If you’ve been keeping up with the news – or even if you haven’t – then you should know how important it is to be familiar with your credit score. When you apply for a mortgage or attempt to secure an auto loan, that one three-digit number will be the deciding factor for your approval or rejection. Further, the threat of identity theft is making it increasingly important that you stay abreast of your credit report
Essentially, your credit score tells a potential lender how much of a financial risk will be taken on when you are given a loan. The credit score itself is a composite of several different aspects of your credit report, including the following:
- Payment History
- Amounts Owed
- Length of Credit History
- Types of Credit Used
- New Credit
Your payment history weighs the most – approximately 36% – in determining your credit score.
Once you’ve learned your credit score, you can begin to concentrate on improving upon that number. The current average credit score for Americans is 723, which is down six points from the year 2000. A score over 680 will be considered a low risk for potential lenders, while a score under 600 or 620 will be considered a high risk. Generally speaking, if your credit score is under 700, it could stand to be improved.
1. Stay Current
Obtaining a regular copy of your credit report – with the credit score attached – is the first step to making improvements. It is impossible to know whether your efforts are reaping results without actually seeing the changing numbers. This will also serve as motivation to continue diligently working on your credit score.
You should also be obtaining a credit report from each of the three credit bureaus. Your report with Equifax may differ widely from your score at TransUnion, which means that one bureau will not give you all of the information you need.
2. Dispute Any Mistakes
Recent statistics have shown that there are mistakes on approximately 46% of all credit reports. Yours could have several mistakes, or none at all. Typically, the longer your credit history, the more likely that there will be errors on your report.
If you find an account on your report with which you are unfamiliar, or if you see debts on the report that aren’t yours, lodge an immediate complaint with the credit bureau. They will launch an investigation into the account, and will come back to you with their resolution, if any.
3. Make a List
Make a list of all of the negative aspects of your credit report, and determine exactly how much you owe. If you have several delinquencies, don’t panic! List them in order from the largest sum of money to the smallest.
Seeing this information on paper in front of you will be motivation to make the necessary corrections, and will also give you an idea of the amount of work needed to make appropriate repairs.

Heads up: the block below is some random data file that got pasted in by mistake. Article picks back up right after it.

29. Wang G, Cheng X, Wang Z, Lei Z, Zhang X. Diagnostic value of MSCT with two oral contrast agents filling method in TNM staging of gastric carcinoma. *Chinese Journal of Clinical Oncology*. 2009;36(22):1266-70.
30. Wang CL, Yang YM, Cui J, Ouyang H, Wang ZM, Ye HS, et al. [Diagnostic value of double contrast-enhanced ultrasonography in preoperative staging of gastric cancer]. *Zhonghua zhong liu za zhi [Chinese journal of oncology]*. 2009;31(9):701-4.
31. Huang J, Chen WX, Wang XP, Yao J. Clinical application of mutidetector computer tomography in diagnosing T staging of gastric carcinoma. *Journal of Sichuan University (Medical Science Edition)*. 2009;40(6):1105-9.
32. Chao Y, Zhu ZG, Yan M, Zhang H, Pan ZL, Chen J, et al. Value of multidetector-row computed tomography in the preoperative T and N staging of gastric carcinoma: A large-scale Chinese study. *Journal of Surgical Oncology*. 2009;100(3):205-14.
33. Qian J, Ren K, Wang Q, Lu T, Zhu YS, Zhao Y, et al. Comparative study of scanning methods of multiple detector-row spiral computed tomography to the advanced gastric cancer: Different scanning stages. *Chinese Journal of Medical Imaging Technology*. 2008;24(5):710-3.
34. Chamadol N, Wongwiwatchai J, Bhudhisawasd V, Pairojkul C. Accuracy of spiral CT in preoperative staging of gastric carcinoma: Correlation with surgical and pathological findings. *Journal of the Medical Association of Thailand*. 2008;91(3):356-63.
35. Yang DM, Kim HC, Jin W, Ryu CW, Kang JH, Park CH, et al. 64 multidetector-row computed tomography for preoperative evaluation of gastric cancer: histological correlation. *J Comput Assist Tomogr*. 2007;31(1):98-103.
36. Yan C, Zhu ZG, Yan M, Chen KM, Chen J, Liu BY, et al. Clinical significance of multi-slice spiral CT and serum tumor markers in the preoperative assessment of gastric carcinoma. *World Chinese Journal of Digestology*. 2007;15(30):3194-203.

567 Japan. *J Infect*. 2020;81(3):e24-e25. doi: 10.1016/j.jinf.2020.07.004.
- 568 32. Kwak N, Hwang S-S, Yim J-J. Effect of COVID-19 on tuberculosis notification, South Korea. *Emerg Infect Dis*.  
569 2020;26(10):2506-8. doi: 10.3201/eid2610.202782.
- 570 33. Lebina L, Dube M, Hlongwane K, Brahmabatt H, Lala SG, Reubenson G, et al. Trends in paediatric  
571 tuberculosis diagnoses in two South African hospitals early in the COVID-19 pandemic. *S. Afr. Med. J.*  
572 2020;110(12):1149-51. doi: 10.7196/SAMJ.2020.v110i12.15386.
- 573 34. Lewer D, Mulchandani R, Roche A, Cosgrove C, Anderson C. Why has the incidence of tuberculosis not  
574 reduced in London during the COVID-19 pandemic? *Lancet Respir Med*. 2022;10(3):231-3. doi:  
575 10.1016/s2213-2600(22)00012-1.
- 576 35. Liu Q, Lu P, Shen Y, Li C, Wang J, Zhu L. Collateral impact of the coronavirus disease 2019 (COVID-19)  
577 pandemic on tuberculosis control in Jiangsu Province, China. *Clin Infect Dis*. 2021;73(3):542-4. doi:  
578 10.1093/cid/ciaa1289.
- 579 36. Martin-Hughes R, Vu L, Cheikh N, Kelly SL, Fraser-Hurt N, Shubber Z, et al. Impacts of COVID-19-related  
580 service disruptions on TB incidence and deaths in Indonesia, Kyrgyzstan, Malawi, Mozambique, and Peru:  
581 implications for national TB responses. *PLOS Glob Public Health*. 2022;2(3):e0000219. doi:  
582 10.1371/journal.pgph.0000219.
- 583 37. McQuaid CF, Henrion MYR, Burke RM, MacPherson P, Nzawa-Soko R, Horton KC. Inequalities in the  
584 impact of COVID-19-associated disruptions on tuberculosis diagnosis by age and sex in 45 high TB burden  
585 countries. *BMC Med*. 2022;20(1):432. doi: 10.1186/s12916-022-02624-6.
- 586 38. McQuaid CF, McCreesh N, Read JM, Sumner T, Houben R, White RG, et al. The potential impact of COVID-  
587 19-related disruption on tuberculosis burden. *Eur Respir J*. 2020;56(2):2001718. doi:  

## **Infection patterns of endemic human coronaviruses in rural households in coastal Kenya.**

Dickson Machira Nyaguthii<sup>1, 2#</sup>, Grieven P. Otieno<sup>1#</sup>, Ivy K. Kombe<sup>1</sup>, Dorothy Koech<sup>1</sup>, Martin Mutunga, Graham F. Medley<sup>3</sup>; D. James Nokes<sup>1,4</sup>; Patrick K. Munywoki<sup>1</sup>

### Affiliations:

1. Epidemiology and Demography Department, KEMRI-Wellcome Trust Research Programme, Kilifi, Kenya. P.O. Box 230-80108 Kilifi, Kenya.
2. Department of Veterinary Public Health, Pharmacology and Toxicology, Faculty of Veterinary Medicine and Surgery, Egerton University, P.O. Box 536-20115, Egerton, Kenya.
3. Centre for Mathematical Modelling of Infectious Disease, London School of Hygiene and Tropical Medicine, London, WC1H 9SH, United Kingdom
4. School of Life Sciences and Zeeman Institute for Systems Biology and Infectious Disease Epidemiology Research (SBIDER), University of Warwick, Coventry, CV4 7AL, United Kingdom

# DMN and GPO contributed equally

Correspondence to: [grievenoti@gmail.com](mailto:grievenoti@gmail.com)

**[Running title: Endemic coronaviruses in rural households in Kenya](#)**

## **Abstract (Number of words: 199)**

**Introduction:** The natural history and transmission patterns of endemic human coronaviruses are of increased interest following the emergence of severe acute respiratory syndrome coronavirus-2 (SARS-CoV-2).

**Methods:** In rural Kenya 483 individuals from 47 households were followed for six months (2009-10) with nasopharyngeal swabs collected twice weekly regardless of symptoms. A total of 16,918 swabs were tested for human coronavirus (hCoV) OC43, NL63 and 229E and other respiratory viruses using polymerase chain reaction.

4. Contact Lenders
When you have a comprehensive list of all of the money you owe, call each of the lenders and ask to set up a payment plan. If several of them are credit cards, you may be able to negotiate a lower interest rate. If not, you might consider transferring the balance to a credit card with a lower APR.
In most cases, lenders want to recoup their money – bottom line. Knowing this, you have a bargaining chip for making deals with them for repayment. Advise them that you are unable to pay the full amount, but that you would like to begin making good on the loans or lines of credit.
5. Consider Piggybacking
If you have very little credit history or very poor credit history, ask a parent or a trusted friend to add your name to their credit card. If they agree, you don’t have to use the card, but their superior credit history will begin to reflect on your credit score.
6. Keep Longstanding Accounts
Since the length of your credit history is a factor in determining your score, closing longstanding accounts can actually hurt the score. Even if you are no longer using a credit card, keep the account open so that the history will still be available. It will continue to reflect in your report as “Paid As Agreed”.
7. Keep A Balance
Although you don’t want to keep a large balance on your credit cards, it will actually help if you keep a small balance on one or more cards. Part of your credit score is determined by your ability to effectively manage debt. If you keep a small balance, but continue to pay more than your minimum payment, it will reflect positively on your score.
8. Avoid Late Payments
Even if you pay your debts regularly, if your payments are not on time, you will suffer the consequences. Instead, send small, regular payments to make sure that your lender is satisfied. Even if you can only afford the minimum payment, send it on. Late payments will result in lowered chances of securing a mortgage, loan or line of credit.
9. Get Rid of Cards You Don’t Need
If you don’t use a credit card, get rid of it. Rather than closing the account, just put it in a safe – preferably locked! – place where you will not be tempted to use it. Ideally, you should carry only one credit card on you for emergencies to avoid impulse purchases that you can’t afford.
10. Write a Note
Many people don’t know this, but you are allowed to put notes in your credit report. Explaining a particular delinquency can give a heads-up to future lenders, and can increase your chances of approval for certain loans. Be as brief as possible, and don’t go into great detail. Just explain the delinquency as succinctly as possible.
These tips will help you to improve your credit score, and getting started now will put you back on the right track to financial success. Continue to order your credit score on an annual or semi-annual basis so that you stay on top of your score and your report. File complaints with the credit bureaus as soon as you identify a discrepancy and contact lenders of overdue accounts. This will avoid any mishaps in the future.